A few dark, damp days have given us the opportunity/excuse to catch up on some indoor chores.
Andy’s been digging out old photographic equipment to sell on eBay, and photographing it, so I took advantage of having a photographic set and asked for a portrait of Chester. He’s never liked having his photograph taken, his butterfly ears droop like moth’s wings, but he does look darned cute, nonetheless.
Chester is one of the “friends” in the new DVD “Border Collie Sheepdogs & Friends – Still Off Duty”. He came very close to being one of the sheepdogs when he was small. Chester showed a natural inclination to go out and around the sheep to bring them back to us. It used to work too! That is, until our wily Welsh sheep realised that Chester’s legs were far too short to head them off if they started to run.
Sadly Chester lost heart and wouldn’t “work” anymore, although he does still help me out from time to time. Sometimes a dog with attitude, and in the right place, is all you really need.
I’ll never complain about dry weather again (at least, not until the next time). The porch at the back of the house contains ten puppies, and they seem to have been damp for at least a week. Not that they object, of course. They can’t possibly mind it because every time they start to dry out they all pile out into the orchard again, and make sure they each get thoroughly soaked one way or another.
The litter of seven puppies born here has been augmented by three puppies from a friend of ours. I don’t know if it’s because Jill’s such a great mom or because she can’t count, but she happily took the three newbies under her hairy wing and has been feeding them along with her own. These three were easy to name (if you can call Truman, Tiffany and Audrey easy) but we’re finding our own puppies very reluctant to tell us what they’re called. So far we have Ronnie, the bold blue-eyed boy, and Flight – a small but perfectly formed and feisty little girl. I really want to call one of them Vic, but no-one’s claimed it yet.
I’m not sure that any of the named pups are actually responding to their names yet, or if it’s just because they know the tone we use when we call them, but as doting parents we like to think that they’re especially advanced and gifted little dogs. They’ve certainly learned to “Wait there” when told to, which is a great help now that they follow like pilot fish when we move between the house, garden, field and yard. At feeding time we use a high-pitched voice to call “Puppies puppies puppies!” that brings everyone running, but it upsets the young dogs like Carew, Oscar and Imogen, who were brought up here. They’re living in kennels now, but are desperate to come running too, just like they used to. If they’re loose when we call we get swept along by a tidal wave of wet collies.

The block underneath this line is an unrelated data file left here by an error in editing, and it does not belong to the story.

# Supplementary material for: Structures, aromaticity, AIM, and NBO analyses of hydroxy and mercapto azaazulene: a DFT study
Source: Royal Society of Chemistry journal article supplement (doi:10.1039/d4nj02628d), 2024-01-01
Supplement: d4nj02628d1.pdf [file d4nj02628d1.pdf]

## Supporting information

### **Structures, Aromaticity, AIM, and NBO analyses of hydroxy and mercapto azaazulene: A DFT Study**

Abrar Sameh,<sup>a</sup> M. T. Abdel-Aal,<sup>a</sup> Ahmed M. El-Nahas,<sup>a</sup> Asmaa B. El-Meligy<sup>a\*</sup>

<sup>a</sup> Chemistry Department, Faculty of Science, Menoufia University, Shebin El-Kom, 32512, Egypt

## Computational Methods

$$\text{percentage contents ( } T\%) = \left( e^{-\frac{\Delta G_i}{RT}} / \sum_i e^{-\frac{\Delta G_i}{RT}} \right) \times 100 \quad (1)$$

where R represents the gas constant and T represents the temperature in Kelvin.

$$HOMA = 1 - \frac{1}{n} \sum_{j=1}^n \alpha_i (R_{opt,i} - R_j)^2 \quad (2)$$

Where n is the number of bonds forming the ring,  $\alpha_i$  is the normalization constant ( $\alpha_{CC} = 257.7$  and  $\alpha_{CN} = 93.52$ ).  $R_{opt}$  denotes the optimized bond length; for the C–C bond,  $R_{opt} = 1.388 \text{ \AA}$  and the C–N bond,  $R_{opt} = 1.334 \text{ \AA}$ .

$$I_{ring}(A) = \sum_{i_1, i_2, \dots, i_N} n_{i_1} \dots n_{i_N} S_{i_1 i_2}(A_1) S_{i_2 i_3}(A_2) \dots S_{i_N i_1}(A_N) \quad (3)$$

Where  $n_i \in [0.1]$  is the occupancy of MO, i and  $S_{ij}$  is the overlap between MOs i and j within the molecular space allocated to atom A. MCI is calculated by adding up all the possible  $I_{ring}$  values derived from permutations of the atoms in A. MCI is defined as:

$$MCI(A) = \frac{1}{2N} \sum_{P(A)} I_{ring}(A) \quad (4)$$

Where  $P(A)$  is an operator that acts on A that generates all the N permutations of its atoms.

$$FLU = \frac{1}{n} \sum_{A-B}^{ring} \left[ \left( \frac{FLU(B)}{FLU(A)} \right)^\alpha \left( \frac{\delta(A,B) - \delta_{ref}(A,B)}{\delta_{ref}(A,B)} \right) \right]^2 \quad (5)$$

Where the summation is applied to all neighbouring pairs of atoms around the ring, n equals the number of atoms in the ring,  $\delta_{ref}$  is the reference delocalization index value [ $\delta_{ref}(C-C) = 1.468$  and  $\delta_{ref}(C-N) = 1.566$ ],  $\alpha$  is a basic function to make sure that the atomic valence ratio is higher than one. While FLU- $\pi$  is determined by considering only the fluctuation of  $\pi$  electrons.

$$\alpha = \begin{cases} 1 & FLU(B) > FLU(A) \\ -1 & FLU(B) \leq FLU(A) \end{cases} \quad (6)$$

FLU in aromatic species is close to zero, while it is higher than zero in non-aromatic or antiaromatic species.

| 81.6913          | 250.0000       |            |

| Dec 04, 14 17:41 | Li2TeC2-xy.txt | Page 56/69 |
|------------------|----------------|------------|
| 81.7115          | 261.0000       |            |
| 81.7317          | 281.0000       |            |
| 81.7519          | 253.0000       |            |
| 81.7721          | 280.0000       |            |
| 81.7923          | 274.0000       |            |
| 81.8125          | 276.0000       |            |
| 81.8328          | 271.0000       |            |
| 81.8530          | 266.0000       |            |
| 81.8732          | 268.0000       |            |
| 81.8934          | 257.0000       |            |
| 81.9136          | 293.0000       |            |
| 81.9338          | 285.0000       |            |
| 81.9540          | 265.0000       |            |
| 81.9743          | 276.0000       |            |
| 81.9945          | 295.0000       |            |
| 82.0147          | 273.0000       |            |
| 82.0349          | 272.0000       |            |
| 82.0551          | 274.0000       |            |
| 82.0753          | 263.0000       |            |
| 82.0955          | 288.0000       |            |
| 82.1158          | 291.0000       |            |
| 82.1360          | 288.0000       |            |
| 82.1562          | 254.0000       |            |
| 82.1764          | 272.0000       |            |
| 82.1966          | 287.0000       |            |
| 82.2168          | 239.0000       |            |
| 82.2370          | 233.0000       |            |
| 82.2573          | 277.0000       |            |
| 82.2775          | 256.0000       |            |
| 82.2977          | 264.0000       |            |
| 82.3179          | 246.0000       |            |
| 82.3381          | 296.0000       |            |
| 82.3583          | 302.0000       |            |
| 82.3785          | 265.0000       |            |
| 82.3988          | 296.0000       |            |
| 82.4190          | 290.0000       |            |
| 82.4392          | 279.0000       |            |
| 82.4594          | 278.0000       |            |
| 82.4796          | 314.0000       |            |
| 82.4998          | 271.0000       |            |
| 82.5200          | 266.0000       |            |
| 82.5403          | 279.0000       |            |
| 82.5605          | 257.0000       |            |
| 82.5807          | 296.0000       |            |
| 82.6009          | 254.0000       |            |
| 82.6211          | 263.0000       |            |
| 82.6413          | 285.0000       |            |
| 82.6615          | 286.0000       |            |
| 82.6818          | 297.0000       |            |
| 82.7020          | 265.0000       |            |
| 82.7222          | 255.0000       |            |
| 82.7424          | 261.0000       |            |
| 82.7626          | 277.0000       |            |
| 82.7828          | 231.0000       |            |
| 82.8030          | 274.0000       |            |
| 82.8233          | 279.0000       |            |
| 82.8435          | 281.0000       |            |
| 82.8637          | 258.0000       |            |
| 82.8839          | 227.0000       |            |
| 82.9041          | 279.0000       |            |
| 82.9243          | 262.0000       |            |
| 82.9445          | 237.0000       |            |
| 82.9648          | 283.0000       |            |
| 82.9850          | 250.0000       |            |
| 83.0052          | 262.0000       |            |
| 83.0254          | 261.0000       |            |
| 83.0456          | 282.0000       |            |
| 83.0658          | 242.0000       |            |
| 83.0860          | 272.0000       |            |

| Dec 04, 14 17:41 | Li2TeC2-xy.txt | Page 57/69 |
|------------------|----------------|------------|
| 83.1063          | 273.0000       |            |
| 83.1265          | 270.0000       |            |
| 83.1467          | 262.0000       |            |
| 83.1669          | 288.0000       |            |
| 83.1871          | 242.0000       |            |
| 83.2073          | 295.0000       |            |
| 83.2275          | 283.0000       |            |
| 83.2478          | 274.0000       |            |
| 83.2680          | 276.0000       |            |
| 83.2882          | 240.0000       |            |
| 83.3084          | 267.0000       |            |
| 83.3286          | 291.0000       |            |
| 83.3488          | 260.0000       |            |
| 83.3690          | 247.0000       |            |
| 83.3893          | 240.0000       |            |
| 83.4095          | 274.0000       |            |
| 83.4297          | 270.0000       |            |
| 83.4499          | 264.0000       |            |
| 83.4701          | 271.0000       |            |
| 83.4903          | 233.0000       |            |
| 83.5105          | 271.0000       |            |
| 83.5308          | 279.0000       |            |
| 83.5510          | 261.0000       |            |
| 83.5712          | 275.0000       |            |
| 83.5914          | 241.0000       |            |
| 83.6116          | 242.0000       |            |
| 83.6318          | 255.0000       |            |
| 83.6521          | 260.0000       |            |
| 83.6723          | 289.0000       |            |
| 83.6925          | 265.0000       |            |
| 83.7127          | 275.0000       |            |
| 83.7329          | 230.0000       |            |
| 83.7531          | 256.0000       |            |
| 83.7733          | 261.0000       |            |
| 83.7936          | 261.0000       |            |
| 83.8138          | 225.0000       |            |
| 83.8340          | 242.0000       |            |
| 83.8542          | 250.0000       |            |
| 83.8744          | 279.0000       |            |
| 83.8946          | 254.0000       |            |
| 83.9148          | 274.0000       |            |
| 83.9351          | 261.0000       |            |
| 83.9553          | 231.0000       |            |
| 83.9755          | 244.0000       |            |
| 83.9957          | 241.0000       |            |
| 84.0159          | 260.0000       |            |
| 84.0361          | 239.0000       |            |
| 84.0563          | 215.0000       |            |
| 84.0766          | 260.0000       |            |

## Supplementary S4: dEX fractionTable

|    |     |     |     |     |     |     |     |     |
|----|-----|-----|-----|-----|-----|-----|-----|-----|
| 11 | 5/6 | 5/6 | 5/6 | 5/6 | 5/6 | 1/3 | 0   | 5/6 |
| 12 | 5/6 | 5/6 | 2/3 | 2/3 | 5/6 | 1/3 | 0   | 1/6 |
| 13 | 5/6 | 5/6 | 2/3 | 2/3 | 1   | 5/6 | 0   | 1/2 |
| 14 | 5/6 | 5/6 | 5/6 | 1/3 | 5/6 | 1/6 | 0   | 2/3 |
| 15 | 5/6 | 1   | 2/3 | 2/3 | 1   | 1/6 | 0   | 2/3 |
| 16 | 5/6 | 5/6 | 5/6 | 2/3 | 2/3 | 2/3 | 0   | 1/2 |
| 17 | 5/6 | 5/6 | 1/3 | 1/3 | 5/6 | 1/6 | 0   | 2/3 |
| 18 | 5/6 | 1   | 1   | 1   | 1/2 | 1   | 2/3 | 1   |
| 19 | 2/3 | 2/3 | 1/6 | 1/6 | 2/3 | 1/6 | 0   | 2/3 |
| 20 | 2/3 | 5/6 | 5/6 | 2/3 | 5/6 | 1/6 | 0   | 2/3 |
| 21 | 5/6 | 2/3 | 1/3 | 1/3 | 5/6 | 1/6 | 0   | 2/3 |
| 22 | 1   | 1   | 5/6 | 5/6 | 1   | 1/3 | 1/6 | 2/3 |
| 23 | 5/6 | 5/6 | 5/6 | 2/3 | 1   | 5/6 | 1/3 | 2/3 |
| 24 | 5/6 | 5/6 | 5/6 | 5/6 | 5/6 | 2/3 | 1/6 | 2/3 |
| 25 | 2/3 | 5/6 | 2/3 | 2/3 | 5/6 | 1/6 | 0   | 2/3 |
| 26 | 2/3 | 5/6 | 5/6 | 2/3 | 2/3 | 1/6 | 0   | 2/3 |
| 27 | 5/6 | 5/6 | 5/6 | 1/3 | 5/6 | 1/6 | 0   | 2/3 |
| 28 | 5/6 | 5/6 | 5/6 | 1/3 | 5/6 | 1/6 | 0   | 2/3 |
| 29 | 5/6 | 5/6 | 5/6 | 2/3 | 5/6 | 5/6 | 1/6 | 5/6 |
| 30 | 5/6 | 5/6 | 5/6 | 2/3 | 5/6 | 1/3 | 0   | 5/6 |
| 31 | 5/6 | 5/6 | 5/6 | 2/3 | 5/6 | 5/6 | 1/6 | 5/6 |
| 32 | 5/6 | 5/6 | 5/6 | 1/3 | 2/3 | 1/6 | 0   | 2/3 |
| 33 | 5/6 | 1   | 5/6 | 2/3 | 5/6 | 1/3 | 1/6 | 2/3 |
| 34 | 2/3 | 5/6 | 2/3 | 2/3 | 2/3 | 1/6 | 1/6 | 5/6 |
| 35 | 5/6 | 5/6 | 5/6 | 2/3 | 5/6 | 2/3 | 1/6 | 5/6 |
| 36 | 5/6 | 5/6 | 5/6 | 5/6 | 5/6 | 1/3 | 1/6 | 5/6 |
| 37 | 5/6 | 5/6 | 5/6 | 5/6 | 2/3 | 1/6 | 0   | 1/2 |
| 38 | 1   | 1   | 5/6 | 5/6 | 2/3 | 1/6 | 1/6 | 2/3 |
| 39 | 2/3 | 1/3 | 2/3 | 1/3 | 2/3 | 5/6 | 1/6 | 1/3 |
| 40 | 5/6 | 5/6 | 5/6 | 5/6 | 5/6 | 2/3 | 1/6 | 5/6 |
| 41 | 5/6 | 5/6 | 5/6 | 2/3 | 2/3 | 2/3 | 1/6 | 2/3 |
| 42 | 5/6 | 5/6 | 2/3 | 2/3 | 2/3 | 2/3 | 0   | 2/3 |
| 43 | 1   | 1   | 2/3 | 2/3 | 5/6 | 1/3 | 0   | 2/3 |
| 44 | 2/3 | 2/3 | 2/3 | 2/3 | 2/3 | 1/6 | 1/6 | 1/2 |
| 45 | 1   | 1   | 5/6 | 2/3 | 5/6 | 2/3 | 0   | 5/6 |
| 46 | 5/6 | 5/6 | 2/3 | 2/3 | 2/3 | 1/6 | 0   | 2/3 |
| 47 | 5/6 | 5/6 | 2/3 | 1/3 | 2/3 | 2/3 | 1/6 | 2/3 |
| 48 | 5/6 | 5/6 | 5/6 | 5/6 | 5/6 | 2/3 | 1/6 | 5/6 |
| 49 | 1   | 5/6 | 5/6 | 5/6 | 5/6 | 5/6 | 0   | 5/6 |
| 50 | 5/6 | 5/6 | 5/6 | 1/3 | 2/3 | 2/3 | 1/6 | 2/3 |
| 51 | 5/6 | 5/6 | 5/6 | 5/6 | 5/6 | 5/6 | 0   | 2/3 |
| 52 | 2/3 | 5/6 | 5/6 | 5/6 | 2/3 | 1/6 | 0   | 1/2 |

Once the puppies move nearer the house they have far more freedom, and can go out exploring at all hours of the day and night. They generally don’t, because they’ve already got into a waking time/sleeping time routine, but at least it means that they can come out and play at first light. Our dawn chorus has puppy backing vocals. They have toys, chews, bones and squeaky things to play with, but they love discarded packaging, and a cardboard box that can be stood on and fought over before being finally demolished and spread across the lawn in bite-sized pieces, is particularly popular.
All the puppies are keen to come out and join in with the Big Dogs now, and most of the dogs are happy to help out with training and socialising. They also get to meet anyone who visits for training, but we lack small children for them to experience. I wonder if we could hire any? Chester and Alfie don’t see that collie puppy care comes anywhere in their job description. They don’t ignore the puppies, but I don’t really think such young and sensitively raised puppies should be exposed to that sort of language.
Now that the “Still Off Duty” DVD is finished and, happily, selling particularly well through Amazon, we can turn our attention back to the next training DVD. And to re-vamping the website. And training the dogs. And trimming the sheep’s feet. And playing with the puppies. And mending the electric fence. Oh dear…but I suppose we’d complain if we had nothing to do!